On Thursday, a 12-state Salmonella outbreak that has sickened 124 people over the last eight months was announced by the Centers for Disease Control and Prevention (CDC). Although health officials in Washington and Oregon have linked the outbreak to chicken produced by Foster Farms of Livingston, Calif., the company has declined to issue a recall, issuing instead a statement telling consumers to take care when preparing chicken.
“There is no recall in effect for any brand of chicken related to the Oregon Health Authority announcement as it is widely known that all raw chicken must be responsibly handled and properly prepared to ensure safety and quality. All raw chicken, like all raw meats, can contain bacteria that can be harmful to human health. For this reason, all raw chicken must be fully cooked to ensure safety and quality. Bacteria on food, including Salmonella, are fully eliminated and present no risk with proper storage, handling and preparation,” reads a statement on the company’s website.
The company does “everything it can to ensure the safety of our poultry products within our facilities and our testing results demonstrate excellence. However, there is always room to provide more education and awareness about food safety practices,” according to the statement. “Foster Farms reminds consumers that raw poultry should not be allowed to cross-contaminate other foods or food preparation surfaces. All raw poultry products should be prepared according to package guidelines and cooked to at least an internal temperature of 165 degrees F to guarantee that they have been fully cooked.”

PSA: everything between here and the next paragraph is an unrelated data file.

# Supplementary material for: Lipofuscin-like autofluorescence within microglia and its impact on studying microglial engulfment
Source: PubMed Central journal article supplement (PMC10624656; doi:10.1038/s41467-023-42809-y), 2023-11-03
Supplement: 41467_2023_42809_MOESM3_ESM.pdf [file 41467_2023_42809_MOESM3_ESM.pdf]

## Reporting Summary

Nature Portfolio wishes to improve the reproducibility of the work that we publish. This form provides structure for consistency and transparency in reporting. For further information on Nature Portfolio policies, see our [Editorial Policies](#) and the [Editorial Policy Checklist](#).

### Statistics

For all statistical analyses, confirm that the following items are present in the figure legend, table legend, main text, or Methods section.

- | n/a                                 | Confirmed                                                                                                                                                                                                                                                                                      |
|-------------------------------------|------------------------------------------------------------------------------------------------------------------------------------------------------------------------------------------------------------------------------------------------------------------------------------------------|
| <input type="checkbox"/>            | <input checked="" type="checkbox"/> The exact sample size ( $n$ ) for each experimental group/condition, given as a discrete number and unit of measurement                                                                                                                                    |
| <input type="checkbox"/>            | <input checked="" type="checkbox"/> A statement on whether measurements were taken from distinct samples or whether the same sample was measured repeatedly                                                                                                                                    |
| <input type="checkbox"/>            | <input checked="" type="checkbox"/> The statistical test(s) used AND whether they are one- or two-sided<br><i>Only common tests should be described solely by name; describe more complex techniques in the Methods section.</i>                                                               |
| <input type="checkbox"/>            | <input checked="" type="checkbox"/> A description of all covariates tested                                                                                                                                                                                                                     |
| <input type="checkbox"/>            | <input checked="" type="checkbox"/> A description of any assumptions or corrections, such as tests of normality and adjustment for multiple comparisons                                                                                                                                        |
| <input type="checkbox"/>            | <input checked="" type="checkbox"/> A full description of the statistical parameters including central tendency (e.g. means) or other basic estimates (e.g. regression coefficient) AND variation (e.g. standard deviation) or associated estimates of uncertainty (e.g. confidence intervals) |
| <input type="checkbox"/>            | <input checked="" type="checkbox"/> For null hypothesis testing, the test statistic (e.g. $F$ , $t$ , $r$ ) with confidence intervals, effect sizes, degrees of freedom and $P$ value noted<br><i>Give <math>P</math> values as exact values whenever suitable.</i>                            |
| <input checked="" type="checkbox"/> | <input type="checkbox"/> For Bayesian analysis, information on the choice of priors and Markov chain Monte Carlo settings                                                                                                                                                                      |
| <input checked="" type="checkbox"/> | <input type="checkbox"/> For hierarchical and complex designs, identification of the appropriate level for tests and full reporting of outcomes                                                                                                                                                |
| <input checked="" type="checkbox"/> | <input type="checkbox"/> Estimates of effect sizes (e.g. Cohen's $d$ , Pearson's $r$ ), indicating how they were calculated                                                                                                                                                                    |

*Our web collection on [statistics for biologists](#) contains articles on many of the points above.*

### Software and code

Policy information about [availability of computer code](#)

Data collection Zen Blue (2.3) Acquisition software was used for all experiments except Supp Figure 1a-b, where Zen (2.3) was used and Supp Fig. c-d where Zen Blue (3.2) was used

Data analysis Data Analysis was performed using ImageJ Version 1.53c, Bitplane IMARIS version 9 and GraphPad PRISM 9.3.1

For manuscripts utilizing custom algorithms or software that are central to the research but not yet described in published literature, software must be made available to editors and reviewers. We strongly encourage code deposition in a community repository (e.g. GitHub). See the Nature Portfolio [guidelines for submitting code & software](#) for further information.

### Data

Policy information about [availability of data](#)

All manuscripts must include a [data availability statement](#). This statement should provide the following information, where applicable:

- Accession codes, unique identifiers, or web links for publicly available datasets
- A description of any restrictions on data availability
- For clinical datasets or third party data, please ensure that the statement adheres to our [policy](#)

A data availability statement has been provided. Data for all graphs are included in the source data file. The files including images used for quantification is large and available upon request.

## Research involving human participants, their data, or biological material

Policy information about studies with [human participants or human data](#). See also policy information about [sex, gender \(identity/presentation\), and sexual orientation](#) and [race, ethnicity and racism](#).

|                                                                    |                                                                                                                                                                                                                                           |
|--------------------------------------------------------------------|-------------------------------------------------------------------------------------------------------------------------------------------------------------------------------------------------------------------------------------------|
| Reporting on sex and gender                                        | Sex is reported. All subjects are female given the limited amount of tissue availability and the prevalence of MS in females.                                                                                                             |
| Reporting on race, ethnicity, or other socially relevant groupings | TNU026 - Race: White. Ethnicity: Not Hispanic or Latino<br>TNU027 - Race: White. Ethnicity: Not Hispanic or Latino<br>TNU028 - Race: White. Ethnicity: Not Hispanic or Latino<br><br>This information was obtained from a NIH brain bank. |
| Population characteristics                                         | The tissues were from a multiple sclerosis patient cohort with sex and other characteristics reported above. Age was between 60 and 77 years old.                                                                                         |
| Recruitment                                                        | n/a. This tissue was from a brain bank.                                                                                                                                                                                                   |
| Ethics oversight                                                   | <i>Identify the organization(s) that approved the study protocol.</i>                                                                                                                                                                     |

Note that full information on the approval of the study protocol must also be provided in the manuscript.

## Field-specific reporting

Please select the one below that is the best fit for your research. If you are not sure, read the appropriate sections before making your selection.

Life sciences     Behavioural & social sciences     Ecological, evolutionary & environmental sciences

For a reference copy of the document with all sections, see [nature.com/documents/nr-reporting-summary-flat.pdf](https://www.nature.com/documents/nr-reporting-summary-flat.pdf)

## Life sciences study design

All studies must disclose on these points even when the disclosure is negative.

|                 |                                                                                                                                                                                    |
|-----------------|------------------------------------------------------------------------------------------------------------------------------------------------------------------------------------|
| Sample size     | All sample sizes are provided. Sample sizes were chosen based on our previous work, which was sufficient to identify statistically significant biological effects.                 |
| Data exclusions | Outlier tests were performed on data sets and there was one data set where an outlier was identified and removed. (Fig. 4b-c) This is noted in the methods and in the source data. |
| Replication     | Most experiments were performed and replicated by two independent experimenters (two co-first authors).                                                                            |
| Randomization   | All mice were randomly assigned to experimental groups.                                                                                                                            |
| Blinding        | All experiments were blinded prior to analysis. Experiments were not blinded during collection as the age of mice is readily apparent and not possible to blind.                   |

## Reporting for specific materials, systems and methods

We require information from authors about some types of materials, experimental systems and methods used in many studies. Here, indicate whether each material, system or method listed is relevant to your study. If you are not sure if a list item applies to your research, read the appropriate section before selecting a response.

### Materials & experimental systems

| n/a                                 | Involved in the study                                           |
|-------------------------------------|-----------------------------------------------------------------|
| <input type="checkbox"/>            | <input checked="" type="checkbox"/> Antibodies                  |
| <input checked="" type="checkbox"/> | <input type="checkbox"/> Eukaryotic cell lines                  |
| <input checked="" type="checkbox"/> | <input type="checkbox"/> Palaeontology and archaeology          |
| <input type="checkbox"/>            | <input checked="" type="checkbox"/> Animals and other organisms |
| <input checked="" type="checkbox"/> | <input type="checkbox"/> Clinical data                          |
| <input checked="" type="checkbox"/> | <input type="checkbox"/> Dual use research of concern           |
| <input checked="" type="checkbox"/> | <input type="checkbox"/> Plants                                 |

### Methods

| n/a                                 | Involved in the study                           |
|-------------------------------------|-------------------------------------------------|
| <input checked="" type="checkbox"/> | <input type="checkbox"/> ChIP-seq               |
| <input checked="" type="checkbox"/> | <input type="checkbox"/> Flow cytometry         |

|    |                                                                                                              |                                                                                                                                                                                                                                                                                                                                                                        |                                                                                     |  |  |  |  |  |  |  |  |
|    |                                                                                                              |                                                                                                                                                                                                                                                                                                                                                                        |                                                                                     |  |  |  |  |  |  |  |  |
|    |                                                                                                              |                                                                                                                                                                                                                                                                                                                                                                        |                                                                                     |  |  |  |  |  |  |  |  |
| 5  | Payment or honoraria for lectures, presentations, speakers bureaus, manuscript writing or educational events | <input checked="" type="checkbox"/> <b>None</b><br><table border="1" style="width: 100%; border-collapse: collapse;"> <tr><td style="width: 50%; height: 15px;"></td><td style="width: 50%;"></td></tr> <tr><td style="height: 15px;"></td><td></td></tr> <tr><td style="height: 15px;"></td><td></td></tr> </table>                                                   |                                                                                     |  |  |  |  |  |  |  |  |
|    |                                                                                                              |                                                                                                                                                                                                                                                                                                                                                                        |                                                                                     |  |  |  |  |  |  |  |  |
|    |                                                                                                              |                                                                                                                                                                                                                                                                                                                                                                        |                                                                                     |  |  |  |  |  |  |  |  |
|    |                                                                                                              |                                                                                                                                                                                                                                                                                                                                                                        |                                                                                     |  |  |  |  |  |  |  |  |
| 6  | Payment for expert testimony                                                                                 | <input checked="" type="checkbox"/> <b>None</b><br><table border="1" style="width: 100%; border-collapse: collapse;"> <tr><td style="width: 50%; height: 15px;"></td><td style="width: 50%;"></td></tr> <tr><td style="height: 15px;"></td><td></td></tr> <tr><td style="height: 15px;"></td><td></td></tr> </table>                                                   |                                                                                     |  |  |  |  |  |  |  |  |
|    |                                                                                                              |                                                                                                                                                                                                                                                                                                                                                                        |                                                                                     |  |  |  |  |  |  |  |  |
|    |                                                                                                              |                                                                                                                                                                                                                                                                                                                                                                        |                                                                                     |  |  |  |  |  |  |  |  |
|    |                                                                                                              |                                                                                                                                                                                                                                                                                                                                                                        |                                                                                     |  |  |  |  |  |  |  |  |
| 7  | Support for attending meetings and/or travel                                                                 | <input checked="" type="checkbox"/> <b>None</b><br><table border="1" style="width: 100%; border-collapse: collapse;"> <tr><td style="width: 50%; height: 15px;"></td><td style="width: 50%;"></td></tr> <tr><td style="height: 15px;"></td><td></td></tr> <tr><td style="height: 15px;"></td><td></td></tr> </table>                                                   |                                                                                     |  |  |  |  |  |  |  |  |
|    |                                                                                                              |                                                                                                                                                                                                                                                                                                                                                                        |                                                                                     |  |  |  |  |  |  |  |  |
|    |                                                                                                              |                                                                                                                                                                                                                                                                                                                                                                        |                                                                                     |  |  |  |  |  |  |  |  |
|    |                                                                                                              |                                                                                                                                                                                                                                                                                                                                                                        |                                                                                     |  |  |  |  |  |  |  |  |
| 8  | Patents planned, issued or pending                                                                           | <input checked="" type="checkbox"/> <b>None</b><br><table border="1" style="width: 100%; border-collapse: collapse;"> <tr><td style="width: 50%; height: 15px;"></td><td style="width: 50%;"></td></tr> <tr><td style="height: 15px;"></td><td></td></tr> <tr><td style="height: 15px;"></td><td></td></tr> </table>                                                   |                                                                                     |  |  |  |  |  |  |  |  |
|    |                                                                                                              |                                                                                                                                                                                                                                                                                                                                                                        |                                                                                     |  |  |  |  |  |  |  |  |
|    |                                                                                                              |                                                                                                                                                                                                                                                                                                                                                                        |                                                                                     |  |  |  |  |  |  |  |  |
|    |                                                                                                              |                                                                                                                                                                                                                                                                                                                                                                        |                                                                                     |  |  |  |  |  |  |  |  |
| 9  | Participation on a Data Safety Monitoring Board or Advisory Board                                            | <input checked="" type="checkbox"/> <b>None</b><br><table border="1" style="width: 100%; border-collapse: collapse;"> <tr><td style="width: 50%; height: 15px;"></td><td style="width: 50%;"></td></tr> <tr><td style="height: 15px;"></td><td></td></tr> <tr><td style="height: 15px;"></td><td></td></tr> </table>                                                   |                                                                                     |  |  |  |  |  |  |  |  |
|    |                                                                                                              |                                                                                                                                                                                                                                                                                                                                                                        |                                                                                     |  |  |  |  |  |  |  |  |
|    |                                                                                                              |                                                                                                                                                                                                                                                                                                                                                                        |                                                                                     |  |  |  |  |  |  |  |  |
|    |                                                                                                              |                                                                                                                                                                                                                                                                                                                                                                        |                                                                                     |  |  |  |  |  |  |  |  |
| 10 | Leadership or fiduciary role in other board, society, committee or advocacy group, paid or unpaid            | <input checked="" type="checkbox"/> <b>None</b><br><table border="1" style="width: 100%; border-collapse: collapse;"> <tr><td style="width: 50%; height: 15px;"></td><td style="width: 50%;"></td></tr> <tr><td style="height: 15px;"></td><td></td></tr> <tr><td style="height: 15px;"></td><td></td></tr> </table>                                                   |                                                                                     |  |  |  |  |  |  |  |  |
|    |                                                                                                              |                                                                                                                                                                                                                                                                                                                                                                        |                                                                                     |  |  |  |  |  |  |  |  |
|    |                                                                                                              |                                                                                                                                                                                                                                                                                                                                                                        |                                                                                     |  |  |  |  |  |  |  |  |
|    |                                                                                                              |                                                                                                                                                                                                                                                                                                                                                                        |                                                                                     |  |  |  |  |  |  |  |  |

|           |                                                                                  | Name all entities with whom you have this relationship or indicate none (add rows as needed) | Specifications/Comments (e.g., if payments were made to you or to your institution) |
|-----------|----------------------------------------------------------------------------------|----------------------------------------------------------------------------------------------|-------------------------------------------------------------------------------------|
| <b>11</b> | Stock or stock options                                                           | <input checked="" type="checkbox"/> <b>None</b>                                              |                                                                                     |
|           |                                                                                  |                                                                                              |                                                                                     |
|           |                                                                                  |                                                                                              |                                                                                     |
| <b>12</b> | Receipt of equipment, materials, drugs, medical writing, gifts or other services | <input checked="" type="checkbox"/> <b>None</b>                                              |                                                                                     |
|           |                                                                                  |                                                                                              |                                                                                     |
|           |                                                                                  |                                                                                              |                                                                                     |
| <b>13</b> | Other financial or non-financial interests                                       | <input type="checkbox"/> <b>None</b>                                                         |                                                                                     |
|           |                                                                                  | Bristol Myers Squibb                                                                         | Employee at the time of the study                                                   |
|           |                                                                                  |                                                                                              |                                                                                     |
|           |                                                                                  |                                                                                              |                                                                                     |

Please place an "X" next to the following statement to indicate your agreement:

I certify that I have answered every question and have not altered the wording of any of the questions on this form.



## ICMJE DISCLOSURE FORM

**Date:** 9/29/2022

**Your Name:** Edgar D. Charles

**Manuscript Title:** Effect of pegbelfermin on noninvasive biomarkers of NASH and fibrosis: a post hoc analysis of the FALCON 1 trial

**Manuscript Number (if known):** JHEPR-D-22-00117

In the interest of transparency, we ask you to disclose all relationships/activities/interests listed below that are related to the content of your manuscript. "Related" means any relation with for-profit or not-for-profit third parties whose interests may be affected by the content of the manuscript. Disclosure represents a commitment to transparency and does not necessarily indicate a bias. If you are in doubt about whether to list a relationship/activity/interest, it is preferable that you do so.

In the statement, Foster Farms describes itself as an “industry leader” that is constantly reviewing and implementing new technology. “Since 2005, testing results for Salmonella from the USDA-FSIS in the Pacific Northwest have consistently been well below the limits set for raw poultry. This indicates that our Pacific Northwest facilities maintained consistent process control for Salmonella. Our facilities have earned and maintained Category 1 classification – the highest performance category for Salmonella safety and control – for the last seven years.”
Still, from June to January, 124 people in 12 states contracted salmonellosis from the tainted chicken. One third of them became so sick they required hospitalization. Symptoms of a Salmonella infection (salmonellosis) usually develop six to 72 hours after exposure and include fever, abdominal cramps and diarrhea that can be bloody. Anyone who has eaten this chicken and develops symptoms should see a doctor.